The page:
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reputation as a master of sci-fi pulp. Captivated by Hubbard’s ‘charm’ and expressed desire to become a practitioner of Magick, Parsons welcomed him as house guest and sorcerer’s apprentice. Hubbard reciprocated by sleeping with Parsons’s mistress. Perturbed by this development, but not wishing to show open jealousy, Parsons instead embarked on a vast diabolical experiment, under Crowley’s reluctant supervision, to call up a true ‘whore of Babylon’ so that she and Parsons might procreate a literal Antichrist in Pasadena. ‘With Prokofiev’s Violin Concerto playing in the background’, Hubbard joined Parsons in the ‘unspeakable’ rites necessary to summon the ‘scarlet woman’, who, after many mysterious happenings (inexplicable power failures, occult lights, and so on), was found walking down South Orange Grove Avenue in broad daylight. After Parsons seduced the young woman in ques­ tion, Hubbard and Parsons’s previous mistress ran off with the rocket scien­ tist’s money to Florida. There is no need to relate the ensuing complex chain of events, except to say that Parsons - the renowned explosives expert managed to blow himself and his Orange Grove mansion skyhigh in June 1952. Debate still rages as to whether it was an accident, suicide or murder.108 Hubbard, meanwhile, was ready to employ the occult dramaturgy and incantatory skills that he had imbibed in Parsons’s OTO temple to more lucrative uses. Frustrated with the small-change earnings of a pulp sci-fi writer, he founded a pseudo-science, Dianetics, which he eventually trans­ formed into a full-fledged religion, Scientology, with a cosmology derived from the pages of Astounding Science Fiction. Russell Miller, in his fascinating biographical debunking of the Hubbard myth, described the notorious Shrine Auditorium rally, at the height of the original Dianetics craze in 1950, when Hubbard introduced the world to his own equivalent of Parsons’s ‘scarlet woman’:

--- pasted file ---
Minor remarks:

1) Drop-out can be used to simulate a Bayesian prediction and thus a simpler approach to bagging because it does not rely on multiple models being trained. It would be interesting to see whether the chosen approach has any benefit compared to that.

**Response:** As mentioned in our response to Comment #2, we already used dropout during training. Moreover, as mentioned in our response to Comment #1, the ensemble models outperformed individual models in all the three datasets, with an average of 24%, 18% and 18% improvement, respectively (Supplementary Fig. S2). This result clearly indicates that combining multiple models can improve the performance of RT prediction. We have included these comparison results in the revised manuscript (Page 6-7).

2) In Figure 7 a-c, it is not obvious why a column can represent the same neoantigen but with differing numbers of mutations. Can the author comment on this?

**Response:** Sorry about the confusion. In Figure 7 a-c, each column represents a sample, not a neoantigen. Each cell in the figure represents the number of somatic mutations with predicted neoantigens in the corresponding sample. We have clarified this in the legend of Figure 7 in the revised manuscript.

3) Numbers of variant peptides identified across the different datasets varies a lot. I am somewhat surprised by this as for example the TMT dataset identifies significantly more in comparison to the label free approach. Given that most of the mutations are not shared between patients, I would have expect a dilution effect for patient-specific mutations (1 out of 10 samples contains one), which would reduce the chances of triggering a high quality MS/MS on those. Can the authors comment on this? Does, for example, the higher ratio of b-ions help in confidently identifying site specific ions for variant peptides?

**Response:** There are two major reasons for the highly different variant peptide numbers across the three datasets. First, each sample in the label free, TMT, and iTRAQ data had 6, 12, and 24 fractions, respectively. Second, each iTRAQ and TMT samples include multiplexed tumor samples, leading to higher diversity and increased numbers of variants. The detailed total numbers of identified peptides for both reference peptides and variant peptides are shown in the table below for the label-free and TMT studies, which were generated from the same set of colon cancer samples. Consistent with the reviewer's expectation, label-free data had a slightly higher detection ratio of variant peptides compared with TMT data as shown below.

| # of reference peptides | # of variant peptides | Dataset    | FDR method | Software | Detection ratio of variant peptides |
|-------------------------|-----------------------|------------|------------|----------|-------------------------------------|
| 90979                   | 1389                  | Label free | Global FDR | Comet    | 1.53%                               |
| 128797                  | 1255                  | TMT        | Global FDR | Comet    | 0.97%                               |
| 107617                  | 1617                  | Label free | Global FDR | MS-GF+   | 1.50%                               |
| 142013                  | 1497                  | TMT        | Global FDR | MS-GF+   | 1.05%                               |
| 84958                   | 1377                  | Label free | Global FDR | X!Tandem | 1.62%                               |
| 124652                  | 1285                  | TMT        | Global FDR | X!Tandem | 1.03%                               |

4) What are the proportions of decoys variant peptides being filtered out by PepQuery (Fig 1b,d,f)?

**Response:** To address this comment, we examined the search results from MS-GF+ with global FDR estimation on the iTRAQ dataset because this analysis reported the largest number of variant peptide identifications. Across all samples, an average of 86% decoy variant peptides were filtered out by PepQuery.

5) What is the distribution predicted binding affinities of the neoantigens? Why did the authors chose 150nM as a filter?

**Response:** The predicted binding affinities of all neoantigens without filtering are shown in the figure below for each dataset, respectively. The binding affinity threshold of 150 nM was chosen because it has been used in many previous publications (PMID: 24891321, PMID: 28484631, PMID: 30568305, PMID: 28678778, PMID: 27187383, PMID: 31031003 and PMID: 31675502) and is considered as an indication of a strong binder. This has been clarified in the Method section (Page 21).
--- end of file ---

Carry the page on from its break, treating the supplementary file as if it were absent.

As the highlight of the evening approached, there was a palpable sense of excitement and anticipation in the packed hall. A hush descended on the audience when at last Hubbard stepped up to the microphone to introduce the ‘world’s first clear’. She was, he said, a young woman by the name of Sonya Bianca, a physics major and pianist from Boston. Among her many newly acquired attributes, he claimed she had ‘full and perfect recall of every moment of her life’, which she would be happy to demonstrate.

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